I’d assumed THE LOST CONTINENT by C.J. Cutcliffe-Hyne (cover by Dean Ellis, all rights to current holder) would be one of those books I loved as a kid and would find disappointing now, but no, it’s still entertaining. This is an old-school epic in which Deucalion, governor of Atlantis’ Yucatan colonies, is called home to become husband to the usurper, Phorenice, who is now Emperor of Atlantis. This proves rather awkward as Deucalion is both a model of propriety who puts country before self and has little interest in women (it’s clear he’s a virgin), not because he’s gay but because back then a manly man often didn’t (as Jules Feiffer put it, the opposite of the undatable wimp wasn’t Casanova, it was a guy who could get lots of women but is too busy being manly). Surprisingly, Deucalion still comes off as a believable hero for all his nobility, while Phorenice, despite having the beauty required of evil queens, is also extremely smart and ruthless, entirely believable as a conqueror. Throw in some prehistoric life and sorcery and oh yes, Atlantis sinking, and you have a heck of a story.
white light/black rain — the Destruction of Hiroshima (2003) is a documentary in which a-bomb survivors, the Enola Gay crew and others discuss the impact of the bomb both literally (“The destruction just kept spreading outward.”) and psychologically (“I never had nightmares about it.”). Nothing terribly new to me, but hearing the first-person accounts (including their lives since the event) still packs a punch. “After the hysteria passed, I realized my skin was dangling from my arm.”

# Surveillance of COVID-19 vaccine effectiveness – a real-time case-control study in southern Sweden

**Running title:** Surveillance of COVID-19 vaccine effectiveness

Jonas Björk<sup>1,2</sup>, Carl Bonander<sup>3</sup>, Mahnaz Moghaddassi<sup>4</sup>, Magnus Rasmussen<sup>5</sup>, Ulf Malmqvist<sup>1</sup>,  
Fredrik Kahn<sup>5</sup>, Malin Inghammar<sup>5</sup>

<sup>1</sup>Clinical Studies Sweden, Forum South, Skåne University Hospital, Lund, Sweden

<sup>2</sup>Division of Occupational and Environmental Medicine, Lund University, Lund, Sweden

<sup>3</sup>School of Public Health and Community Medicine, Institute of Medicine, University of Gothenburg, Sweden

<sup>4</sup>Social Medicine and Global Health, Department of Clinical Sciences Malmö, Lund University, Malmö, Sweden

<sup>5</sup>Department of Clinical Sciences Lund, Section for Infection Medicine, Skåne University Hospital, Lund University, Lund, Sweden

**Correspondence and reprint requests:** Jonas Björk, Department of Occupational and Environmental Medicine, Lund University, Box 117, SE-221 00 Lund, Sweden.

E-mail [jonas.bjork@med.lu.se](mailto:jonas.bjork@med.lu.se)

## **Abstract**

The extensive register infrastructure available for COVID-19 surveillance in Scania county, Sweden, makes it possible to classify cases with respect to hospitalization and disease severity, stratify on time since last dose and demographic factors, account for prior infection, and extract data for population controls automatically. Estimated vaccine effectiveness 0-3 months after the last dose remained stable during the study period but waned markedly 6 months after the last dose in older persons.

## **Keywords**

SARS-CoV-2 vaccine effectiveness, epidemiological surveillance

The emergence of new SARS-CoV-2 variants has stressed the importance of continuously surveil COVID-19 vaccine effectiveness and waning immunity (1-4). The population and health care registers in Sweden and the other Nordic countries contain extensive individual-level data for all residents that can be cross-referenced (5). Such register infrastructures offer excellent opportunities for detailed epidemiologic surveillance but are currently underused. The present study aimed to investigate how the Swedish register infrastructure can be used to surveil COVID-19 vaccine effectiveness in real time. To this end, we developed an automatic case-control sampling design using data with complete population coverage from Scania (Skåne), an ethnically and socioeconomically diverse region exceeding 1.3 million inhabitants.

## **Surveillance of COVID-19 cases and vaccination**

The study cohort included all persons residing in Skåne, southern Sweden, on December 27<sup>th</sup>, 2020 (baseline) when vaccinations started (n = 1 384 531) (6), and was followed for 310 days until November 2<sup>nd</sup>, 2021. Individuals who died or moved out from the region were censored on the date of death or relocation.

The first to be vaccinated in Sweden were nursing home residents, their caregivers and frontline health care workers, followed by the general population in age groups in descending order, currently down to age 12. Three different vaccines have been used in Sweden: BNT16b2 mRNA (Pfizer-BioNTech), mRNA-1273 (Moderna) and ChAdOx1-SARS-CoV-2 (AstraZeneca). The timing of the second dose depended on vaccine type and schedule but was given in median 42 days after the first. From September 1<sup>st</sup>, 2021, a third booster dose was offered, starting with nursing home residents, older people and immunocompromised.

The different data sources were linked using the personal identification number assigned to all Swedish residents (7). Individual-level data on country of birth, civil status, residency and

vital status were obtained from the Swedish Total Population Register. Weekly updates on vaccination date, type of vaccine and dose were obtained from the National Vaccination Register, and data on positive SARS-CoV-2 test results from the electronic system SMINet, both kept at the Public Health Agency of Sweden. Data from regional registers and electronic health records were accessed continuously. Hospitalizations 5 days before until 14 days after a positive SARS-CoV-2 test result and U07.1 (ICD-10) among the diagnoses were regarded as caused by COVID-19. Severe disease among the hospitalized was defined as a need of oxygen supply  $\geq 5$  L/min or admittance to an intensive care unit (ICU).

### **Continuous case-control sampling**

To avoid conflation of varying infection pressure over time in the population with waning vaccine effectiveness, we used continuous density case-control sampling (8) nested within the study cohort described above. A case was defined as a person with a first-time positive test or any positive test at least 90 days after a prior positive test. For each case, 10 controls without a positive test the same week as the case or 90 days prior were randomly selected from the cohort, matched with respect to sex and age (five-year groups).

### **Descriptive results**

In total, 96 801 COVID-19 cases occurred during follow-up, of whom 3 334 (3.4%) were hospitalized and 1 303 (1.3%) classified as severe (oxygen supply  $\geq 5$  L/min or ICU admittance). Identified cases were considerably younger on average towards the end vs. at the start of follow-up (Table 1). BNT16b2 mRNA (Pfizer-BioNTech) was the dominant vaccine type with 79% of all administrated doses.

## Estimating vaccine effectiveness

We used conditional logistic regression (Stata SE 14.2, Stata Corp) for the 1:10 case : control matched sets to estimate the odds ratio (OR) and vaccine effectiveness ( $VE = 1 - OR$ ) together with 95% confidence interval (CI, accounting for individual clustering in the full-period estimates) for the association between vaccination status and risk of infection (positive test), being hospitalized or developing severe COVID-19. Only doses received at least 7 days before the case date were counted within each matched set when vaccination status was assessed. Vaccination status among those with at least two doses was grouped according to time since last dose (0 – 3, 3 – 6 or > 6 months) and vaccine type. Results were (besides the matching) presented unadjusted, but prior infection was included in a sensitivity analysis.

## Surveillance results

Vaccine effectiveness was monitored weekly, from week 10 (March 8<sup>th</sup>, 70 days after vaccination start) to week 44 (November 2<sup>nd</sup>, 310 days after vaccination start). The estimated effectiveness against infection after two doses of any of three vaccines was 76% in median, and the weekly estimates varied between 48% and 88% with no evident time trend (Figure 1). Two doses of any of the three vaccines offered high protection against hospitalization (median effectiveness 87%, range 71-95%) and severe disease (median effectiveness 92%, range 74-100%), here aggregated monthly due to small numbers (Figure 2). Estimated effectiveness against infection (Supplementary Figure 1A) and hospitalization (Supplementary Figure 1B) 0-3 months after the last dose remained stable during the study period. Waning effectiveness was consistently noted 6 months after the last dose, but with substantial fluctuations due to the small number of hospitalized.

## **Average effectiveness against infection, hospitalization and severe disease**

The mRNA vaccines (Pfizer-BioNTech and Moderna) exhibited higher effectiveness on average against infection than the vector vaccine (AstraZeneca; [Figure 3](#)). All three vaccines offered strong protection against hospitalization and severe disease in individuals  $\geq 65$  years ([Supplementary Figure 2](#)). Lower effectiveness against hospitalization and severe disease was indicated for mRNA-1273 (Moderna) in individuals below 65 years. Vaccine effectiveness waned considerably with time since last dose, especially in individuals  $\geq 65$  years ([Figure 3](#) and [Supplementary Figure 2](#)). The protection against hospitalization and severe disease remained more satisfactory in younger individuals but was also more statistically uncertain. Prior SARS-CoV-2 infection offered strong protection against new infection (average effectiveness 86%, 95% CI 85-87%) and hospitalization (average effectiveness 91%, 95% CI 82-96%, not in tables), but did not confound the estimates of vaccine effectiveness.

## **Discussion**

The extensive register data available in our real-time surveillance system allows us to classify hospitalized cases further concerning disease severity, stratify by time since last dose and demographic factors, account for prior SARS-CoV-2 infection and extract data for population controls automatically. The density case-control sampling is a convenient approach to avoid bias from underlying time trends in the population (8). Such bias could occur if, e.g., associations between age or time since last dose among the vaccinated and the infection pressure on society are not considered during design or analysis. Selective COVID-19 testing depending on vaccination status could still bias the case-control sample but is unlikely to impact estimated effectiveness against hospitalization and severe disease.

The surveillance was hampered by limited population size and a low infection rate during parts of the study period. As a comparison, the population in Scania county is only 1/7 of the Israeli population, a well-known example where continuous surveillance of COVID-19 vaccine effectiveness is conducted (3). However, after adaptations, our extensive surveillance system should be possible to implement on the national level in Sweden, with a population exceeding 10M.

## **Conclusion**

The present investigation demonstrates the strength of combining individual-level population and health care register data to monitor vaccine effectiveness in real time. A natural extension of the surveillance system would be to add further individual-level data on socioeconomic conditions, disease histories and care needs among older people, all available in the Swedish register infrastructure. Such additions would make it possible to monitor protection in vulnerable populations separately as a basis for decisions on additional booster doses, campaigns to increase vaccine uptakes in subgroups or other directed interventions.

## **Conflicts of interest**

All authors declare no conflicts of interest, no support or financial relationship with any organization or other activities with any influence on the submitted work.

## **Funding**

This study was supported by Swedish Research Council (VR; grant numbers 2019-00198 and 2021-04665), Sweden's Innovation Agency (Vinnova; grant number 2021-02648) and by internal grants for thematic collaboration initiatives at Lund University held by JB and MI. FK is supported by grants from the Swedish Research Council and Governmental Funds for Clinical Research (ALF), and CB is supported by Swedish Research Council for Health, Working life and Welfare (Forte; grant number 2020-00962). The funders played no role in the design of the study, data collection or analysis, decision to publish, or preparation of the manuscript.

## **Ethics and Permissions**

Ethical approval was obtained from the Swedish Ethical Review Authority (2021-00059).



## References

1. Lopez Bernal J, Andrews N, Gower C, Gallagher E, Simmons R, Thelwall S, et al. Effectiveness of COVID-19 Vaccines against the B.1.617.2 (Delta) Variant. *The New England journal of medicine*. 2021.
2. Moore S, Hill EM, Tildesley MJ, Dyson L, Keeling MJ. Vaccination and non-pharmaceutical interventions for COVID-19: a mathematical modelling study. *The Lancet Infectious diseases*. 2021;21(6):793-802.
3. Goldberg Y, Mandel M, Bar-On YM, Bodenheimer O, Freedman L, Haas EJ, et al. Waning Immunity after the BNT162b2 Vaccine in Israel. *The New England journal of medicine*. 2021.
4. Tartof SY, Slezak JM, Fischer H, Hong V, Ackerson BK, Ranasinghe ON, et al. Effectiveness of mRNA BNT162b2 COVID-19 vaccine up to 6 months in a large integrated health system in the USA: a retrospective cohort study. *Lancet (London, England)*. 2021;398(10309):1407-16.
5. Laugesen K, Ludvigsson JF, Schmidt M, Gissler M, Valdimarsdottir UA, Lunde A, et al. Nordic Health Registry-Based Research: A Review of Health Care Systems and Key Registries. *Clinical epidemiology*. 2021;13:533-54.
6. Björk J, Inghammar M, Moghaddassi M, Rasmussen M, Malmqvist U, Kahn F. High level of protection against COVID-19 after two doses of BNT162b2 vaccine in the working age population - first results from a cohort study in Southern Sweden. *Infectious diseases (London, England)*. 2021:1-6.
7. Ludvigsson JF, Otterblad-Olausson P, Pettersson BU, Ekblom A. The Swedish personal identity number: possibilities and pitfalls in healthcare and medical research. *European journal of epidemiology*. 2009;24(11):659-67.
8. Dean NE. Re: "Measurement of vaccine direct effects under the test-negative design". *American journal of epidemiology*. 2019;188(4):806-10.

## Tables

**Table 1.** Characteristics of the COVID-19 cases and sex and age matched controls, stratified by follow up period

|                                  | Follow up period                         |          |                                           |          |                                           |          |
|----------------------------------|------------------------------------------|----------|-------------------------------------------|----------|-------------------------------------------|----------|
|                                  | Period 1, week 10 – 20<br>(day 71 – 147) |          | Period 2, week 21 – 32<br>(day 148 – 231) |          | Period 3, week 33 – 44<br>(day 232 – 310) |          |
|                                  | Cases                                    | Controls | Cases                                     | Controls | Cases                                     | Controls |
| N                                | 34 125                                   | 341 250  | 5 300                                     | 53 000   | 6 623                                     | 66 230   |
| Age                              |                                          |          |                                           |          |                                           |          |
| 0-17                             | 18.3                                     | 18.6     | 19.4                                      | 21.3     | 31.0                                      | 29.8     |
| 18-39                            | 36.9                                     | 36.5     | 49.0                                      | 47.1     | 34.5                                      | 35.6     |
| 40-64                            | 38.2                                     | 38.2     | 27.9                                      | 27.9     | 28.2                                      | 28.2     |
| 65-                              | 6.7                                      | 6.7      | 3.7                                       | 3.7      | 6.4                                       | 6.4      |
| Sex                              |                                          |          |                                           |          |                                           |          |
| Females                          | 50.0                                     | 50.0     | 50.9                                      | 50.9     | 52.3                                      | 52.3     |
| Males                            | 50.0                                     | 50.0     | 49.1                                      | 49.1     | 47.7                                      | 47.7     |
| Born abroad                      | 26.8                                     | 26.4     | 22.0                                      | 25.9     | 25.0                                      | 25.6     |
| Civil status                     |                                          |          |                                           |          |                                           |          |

Woody Allen’s ANYTHING ELSE (2003) strikes me as an inferior remake of Annie Hall in which Jason Biggs has the Allen role as a struggling writer in a doomed, dysfunctional relationship with Christina Ricci. Where the earlier move showed both sides of the relationship were flawed, this unfortunately blames everything in Ricci; Biggs’ only flaw is that he just loves her too much to let go, even when she stops sleeping with him, sleeps with other men or invites her mother (Stockard Channing) to stay in their cramped apartment (it all feels very misogynistic). Allen has an interesting role as an older writer who’s almost as crazy as Ricci, but in different ways. And despite some great lines (“I couldn’t decide whose nihilistic pessimism would make you happier.”), it has lots of clunkers (seriously, jokes about psychoanalysis are as dated as jokes about the Korean War). So thumbs down. Jimmy Fallon plays Ricci’s ex, Danny de Vito plays Biggs’ inept agent. “There must be a million women who’d be thrilled to sleep with you—well you could probably find one provided you got her drunk enough.”
After Nightwing’s supposed death, Dick Grayson transitioned into the GRAYSON series ( ), of which I just read Vol. 2 (We All Die At Dawn) and 3 (Nemesis). The great strength is that the authors really respect Dick, who’s shown to be ultra-capable, heroic, and still with a streak of circus acrobat (the trapeze is his metaphor for a lot of what he goes through). The weakness is that the first volume is choppy to the point of having no narrative thread (judging from other reviews, my not reading the first book isn’t the problem) and Spyral—the secret agency Dick is infiltrating—doesn’t stand out from SHIELD or ARGUS despite its best efforts (the identity-concealing tech they use isn’t cool enough for that). The oddness is the constant emphasis on Dick’s sexiness, not in the sense that he can or does seduce women, but that everyone seems to enjoy looking at him (even the gay hero Midnighter makes quips about Dick’s butt) and thereby invite the audience to do so. It struck me as much closer to the way female heroes often get handled than the guys (so if you’ve ever lusted for Robin or Nightwing, this might be the book for you).